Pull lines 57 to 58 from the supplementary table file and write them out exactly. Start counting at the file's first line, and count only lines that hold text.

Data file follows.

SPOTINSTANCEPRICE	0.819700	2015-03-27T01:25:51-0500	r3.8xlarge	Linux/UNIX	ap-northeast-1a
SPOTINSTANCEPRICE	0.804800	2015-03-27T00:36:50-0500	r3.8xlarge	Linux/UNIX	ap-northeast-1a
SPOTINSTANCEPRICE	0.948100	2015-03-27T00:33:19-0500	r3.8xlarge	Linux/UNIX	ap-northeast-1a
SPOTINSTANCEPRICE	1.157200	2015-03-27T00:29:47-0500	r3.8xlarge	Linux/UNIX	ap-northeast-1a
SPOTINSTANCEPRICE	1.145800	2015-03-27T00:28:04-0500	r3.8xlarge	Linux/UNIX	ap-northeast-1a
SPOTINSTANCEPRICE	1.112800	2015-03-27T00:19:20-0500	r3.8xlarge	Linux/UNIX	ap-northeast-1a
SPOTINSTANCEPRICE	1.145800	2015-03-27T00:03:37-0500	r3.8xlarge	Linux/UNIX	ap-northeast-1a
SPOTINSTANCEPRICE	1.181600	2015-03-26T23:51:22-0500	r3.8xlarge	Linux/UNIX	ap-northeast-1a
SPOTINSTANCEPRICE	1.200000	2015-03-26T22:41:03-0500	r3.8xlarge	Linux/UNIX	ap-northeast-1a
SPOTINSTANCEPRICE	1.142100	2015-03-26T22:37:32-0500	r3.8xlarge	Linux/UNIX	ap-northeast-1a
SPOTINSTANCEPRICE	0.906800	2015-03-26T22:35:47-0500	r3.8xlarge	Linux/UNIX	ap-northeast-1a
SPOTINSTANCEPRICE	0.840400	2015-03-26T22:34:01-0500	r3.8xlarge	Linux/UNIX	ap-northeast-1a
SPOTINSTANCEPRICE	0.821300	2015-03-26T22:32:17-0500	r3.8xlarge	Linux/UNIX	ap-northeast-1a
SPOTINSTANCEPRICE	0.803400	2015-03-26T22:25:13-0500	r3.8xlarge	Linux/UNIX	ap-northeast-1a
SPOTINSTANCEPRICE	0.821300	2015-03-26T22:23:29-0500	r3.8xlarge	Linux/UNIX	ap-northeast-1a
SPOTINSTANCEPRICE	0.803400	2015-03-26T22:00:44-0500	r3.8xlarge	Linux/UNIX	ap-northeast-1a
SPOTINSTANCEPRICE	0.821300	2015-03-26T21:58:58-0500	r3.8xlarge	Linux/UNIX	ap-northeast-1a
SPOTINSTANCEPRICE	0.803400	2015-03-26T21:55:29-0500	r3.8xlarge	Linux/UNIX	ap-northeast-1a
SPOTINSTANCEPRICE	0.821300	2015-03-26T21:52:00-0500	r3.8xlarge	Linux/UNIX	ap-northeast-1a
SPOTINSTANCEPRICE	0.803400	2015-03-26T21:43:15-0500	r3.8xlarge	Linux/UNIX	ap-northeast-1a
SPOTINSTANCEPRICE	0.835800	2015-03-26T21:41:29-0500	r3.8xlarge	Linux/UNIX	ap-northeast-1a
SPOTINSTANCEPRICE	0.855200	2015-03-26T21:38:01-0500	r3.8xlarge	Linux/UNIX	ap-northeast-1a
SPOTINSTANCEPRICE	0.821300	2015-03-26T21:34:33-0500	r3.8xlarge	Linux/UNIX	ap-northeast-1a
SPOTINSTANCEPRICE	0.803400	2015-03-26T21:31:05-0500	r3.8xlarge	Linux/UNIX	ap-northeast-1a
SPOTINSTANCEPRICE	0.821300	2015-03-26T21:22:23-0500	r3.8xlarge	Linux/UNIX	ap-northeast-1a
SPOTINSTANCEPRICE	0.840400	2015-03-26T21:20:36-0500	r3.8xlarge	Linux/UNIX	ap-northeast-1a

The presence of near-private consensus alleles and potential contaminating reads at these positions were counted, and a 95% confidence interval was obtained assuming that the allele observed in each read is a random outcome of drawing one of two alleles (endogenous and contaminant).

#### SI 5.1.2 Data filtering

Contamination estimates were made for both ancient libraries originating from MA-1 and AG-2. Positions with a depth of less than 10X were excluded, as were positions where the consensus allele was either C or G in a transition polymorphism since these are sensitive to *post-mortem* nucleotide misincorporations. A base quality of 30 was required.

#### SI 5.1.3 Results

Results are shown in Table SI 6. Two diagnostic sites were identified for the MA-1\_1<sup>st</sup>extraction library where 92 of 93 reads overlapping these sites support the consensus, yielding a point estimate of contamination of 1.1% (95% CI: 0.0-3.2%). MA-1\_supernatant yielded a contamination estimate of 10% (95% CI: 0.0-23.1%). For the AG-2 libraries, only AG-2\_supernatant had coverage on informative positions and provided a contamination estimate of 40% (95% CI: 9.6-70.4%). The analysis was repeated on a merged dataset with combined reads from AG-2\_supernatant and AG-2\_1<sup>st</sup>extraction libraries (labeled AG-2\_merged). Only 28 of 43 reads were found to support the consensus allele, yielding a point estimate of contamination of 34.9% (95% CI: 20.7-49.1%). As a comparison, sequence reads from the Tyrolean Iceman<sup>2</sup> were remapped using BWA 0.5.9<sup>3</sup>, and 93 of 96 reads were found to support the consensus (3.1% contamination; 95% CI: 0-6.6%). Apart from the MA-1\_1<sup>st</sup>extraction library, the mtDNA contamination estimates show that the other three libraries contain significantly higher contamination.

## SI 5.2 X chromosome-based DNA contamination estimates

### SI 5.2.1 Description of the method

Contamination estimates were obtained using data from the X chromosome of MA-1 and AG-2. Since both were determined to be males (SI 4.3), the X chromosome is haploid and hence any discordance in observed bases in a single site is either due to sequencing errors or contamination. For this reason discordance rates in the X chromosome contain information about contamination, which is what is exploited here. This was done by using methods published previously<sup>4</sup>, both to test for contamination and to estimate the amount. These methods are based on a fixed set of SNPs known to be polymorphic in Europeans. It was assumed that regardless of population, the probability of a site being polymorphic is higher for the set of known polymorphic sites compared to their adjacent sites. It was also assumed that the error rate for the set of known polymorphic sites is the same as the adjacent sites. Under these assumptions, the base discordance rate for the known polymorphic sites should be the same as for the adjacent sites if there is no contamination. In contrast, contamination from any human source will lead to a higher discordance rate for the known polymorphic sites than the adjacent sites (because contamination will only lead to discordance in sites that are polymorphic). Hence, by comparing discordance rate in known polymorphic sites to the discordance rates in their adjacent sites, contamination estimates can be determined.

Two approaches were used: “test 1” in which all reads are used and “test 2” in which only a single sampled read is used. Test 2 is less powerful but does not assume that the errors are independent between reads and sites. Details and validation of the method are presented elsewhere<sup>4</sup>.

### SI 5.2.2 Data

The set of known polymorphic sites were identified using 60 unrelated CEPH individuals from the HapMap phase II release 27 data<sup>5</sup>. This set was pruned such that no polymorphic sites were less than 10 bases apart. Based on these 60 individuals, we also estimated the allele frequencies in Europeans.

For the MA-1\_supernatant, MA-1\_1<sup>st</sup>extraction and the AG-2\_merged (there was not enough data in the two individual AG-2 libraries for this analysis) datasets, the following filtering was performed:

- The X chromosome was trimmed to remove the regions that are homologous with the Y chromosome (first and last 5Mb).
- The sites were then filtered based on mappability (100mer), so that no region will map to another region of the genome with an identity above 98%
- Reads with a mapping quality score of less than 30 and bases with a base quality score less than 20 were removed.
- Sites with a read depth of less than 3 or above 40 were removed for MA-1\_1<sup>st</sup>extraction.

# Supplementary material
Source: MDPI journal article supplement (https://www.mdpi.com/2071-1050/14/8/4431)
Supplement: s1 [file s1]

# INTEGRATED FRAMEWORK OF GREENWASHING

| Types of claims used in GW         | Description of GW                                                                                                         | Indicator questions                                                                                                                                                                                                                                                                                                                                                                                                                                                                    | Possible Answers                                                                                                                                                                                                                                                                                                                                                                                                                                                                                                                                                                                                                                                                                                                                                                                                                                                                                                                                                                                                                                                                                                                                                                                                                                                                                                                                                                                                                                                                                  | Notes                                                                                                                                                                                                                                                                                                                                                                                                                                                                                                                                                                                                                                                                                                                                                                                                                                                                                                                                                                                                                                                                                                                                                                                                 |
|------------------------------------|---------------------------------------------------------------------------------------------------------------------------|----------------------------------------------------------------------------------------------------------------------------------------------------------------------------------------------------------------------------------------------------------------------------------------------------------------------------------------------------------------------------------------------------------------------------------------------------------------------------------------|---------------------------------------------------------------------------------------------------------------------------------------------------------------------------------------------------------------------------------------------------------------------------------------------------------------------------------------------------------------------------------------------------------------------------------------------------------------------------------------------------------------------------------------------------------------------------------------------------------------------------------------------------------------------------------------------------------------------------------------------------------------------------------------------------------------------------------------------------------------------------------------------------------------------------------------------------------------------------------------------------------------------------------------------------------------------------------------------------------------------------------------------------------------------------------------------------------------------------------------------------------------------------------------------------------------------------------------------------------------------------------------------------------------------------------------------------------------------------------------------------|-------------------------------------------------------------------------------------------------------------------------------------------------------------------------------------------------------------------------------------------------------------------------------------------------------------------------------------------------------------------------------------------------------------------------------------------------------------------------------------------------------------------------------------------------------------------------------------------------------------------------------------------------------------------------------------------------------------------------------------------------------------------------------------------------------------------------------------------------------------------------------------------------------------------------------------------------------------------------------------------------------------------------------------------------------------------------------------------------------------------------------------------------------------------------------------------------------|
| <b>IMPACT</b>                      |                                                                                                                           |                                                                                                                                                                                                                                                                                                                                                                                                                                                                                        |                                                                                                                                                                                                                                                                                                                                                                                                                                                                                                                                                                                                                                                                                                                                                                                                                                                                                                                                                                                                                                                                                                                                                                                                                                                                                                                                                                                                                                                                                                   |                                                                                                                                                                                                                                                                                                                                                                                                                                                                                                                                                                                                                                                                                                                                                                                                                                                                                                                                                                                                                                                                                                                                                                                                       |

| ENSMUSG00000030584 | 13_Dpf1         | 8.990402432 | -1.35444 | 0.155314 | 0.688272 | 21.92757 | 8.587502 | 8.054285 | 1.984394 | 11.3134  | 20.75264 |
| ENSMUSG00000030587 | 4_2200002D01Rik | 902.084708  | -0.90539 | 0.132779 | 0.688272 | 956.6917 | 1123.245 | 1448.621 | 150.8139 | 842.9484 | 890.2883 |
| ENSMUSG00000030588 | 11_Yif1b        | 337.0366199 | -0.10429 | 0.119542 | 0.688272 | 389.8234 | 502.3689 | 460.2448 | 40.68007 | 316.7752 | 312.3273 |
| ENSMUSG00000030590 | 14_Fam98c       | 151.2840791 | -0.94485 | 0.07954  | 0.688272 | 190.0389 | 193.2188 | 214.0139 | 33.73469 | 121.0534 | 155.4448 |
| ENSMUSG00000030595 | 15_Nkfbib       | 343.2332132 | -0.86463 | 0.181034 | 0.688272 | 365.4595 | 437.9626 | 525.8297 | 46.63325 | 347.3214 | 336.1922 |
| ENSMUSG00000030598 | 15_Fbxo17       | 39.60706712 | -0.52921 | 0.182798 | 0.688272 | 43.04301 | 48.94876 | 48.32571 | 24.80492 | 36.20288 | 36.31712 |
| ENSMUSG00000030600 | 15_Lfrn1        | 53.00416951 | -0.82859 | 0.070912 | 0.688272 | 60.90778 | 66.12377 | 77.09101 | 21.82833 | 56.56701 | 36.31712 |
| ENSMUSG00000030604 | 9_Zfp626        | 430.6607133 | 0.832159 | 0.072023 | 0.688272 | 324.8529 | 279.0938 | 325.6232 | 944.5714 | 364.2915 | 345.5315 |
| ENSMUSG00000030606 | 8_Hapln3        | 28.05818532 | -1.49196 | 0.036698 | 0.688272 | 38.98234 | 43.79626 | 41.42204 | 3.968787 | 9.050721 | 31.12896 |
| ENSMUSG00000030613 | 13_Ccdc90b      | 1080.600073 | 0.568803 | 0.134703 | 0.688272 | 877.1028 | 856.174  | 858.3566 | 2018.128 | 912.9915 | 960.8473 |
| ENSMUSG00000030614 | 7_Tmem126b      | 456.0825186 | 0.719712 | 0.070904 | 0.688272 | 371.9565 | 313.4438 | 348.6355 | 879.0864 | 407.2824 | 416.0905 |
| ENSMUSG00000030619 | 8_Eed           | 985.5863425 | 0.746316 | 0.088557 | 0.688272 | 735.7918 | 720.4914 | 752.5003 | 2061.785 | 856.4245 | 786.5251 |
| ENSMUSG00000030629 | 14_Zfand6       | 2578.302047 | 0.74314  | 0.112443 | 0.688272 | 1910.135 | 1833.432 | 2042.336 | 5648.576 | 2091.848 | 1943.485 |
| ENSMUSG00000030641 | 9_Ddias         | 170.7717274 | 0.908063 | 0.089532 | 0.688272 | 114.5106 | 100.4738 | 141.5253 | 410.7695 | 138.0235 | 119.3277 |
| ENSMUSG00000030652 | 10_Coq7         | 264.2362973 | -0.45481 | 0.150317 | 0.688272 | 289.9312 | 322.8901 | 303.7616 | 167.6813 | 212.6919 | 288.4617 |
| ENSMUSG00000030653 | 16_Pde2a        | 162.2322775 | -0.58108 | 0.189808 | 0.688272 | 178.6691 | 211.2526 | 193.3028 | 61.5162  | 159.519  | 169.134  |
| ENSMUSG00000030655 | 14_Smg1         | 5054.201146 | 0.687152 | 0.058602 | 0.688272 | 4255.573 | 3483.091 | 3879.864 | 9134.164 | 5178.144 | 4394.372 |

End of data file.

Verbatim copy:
| ENSMUSG00000030604 | 9_Zfp626        | 430.6607133 | 0.832159 | 0.072023 | 0.688272 | 324.8529 | 279.0938 | 325.6232 | 944.5714 | 364.2915 | 345.5315 |
| ENSMUSG00000030606 | 8_Hapln3        | 28.05818532 | -1.49196 | 0.036698 | 0.688272 | 38.98234 | 43.79626 | 41.42204 | 3.968787 | 9.050721 | 31.12896 |